What type of cadence is this at the end of Dvorak's 9th symphony (Dvorak's 9th Symphony, 4th movement, Finale - Allegro con fuoco (Meaning: "Fast and Spirited"))? Is it an imperfect authentic cadence (IAC)? It's hard to tell, but it appears as ♮viiø7 - I in E-major.
Note that these chords on the second and fourth beats are actually half diminished chords on account of the C♮s. Also note that they aren't leading-tone sevenths, because the root isn't D♯, but rather D♮.
As such, these chords are what we call common-tone half-diminished sevenths. The idea is that they share a common tone with the surrounding harmonies. The E-major chords have G♯, which is enharmonically reinterpreted to be the A♭ in the Dø7 chords.
More importantly, I wouldn't call this a cadence at all; this is just an expansion of the tonic E major. The "real" cadence, as guest mentioned, will have occurred earlier in the piece. This is very common in this repertoire: we reach a "final" cadence, and then we spend some time expanding tonic in a coda section.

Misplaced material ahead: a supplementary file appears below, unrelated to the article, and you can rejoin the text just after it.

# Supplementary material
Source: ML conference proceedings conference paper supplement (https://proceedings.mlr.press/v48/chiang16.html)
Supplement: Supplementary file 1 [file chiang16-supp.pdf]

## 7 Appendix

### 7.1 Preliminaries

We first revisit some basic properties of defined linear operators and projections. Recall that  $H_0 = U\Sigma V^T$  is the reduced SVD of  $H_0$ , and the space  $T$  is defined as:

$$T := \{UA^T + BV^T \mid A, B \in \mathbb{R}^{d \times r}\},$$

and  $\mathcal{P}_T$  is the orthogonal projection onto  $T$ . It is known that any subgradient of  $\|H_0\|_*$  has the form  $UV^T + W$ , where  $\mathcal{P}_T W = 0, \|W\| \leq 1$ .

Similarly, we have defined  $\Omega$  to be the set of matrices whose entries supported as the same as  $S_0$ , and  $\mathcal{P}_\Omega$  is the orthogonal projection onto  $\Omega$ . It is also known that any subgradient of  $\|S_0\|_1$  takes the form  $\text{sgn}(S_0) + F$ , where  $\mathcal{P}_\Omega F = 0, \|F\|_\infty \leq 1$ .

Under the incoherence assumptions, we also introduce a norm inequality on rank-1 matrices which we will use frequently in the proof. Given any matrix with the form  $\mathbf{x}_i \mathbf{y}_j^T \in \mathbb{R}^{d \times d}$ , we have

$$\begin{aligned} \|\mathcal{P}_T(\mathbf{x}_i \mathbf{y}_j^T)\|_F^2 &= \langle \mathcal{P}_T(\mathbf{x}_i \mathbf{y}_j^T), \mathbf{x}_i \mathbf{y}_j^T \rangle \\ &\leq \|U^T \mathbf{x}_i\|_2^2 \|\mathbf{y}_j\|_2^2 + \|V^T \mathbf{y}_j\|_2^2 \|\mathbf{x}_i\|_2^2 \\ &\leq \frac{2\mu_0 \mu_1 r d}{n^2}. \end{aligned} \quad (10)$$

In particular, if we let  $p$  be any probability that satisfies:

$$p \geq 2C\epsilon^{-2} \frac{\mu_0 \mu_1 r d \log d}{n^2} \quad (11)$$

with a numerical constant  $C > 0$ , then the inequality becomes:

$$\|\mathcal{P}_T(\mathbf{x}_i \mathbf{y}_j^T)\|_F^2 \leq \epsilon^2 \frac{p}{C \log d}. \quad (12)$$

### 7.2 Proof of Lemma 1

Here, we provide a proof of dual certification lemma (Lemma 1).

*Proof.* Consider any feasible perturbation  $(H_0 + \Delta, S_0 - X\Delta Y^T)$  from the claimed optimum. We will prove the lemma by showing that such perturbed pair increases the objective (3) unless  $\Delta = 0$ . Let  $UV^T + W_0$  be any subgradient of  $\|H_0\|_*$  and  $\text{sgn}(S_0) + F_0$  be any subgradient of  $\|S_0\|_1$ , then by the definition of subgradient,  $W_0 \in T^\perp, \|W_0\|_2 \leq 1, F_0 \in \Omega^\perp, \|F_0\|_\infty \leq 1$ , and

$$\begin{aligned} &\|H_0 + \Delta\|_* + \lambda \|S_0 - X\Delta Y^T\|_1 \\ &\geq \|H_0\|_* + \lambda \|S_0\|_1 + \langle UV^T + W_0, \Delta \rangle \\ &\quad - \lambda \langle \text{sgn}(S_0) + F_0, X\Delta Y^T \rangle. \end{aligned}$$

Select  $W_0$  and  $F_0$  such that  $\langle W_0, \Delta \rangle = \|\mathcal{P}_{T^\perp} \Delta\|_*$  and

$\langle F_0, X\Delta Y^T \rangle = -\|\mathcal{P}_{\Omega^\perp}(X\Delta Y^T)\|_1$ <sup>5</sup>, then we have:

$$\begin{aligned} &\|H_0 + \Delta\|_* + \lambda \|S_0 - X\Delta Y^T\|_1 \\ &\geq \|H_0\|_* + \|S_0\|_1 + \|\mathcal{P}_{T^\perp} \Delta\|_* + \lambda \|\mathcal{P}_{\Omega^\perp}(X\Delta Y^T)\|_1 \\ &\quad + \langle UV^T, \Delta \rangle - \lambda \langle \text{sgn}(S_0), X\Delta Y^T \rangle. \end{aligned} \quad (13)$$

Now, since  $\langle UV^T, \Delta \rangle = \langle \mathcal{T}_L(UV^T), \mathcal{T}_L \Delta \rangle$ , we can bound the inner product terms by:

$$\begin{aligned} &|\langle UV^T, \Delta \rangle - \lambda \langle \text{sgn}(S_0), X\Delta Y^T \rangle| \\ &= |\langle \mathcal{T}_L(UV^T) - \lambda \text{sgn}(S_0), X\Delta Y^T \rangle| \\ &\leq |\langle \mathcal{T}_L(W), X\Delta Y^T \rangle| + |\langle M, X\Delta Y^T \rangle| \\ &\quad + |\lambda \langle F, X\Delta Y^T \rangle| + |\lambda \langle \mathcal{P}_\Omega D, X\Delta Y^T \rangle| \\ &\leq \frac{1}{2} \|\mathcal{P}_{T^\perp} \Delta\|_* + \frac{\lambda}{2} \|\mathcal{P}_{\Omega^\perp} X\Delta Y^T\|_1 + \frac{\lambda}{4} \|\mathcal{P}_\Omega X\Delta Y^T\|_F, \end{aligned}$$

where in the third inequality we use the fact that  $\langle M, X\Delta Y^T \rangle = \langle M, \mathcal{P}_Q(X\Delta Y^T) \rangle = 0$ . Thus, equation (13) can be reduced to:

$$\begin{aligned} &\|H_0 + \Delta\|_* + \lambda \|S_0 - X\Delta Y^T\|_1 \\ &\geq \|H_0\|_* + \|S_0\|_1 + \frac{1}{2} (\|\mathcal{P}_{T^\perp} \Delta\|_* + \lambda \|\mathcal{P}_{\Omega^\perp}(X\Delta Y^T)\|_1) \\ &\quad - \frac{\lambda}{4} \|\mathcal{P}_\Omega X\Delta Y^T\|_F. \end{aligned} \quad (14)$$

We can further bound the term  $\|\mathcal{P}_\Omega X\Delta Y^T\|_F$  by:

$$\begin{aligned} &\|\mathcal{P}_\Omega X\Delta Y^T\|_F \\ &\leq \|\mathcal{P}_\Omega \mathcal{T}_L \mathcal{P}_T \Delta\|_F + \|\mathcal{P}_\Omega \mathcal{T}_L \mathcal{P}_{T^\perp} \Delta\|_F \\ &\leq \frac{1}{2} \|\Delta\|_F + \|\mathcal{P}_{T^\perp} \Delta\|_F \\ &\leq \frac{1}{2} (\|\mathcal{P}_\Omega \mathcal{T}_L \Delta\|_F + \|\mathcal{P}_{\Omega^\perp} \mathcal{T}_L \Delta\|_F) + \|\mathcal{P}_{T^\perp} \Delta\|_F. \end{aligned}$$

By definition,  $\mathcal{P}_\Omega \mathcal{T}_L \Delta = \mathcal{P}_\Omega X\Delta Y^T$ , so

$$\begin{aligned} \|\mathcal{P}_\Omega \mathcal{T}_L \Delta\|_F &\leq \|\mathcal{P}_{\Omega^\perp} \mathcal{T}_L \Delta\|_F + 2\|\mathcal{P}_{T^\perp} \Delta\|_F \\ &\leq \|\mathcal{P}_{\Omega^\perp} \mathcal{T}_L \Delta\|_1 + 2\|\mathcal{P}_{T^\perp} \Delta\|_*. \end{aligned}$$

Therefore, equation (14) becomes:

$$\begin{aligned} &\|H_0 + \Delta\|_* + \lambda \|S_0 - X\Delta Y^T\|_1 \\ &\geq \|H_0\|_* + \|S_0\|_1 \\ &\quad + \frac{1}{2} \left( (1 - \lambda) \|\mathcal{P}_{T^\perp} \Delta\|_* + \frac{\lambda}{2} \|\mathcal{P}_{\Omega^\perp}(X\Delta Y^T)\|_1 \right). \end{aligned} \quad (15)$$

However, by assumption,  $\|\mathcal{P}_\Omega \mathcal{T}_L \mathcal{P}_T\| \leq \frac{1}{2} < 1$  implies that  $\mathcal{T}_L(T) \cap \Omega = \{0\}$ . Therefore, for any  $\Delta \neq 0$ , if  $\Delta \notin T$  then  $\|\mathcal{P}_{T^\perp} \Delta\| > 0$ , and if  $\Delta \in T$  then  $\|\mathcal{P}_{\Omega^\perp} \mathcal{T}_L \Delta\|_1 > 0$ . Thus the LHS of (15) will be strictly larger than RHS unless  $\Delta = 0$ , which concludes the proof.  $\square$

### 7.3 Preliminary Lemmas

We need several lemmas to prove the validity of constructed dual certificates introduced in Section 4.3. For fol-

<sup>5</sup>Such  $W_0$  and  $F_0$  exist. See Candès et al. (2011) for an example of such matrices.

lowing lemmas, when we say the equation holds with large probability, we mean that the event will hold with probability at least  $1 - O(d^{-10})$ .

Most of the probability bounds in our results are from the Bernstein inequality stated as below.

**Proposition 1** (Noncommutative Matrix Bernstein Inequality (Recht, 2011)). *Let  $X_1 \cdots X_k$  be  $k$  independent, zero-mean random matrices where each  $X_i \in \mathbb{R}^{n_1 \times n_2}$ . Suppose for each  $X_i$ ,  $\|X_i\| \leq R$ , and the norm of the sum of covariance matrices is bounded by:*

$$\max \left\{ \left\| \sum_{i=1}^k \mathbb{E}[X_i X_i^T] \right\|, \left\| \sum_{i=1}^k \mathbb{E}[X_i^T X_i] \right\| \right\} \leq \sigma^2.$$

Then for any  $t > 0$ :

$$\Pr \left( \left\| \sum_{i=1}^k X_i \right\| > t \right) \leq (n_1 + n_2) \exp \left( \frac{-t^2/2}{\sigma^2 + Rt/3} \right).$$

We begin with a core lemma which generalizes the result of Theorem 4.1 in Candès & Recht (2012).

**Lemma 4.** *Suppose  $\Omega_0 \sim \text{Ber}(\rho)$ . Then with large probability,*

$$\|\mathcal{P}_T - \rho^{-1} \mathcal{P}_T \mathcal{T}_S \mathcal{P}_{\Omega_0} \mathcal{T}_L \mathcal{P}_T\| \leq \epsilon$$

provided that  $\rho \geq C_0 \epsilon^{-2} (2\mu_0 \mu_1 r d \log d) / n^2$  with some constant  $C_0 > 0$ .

The final cadence of the symphony already happened 8 bars before the start of your attachment. You can play "theory trivia" games deciding which "mode" it was in if you like (though why a faux-native-American tune should have to follow the "rules" of any European church mode is a curious idea) but the cadence itself is a straightforward D7/A - E at the end of the movement in E minor.
The attachment is just the end of a long elaboration of the final E major chord. If you want to invent a name for the chord progression, you could call something like a chromatically altered Neapolitan chord alternating with the tonic - the Neapolitan of E minor would be F major, but the piece has an Fm6/D instead.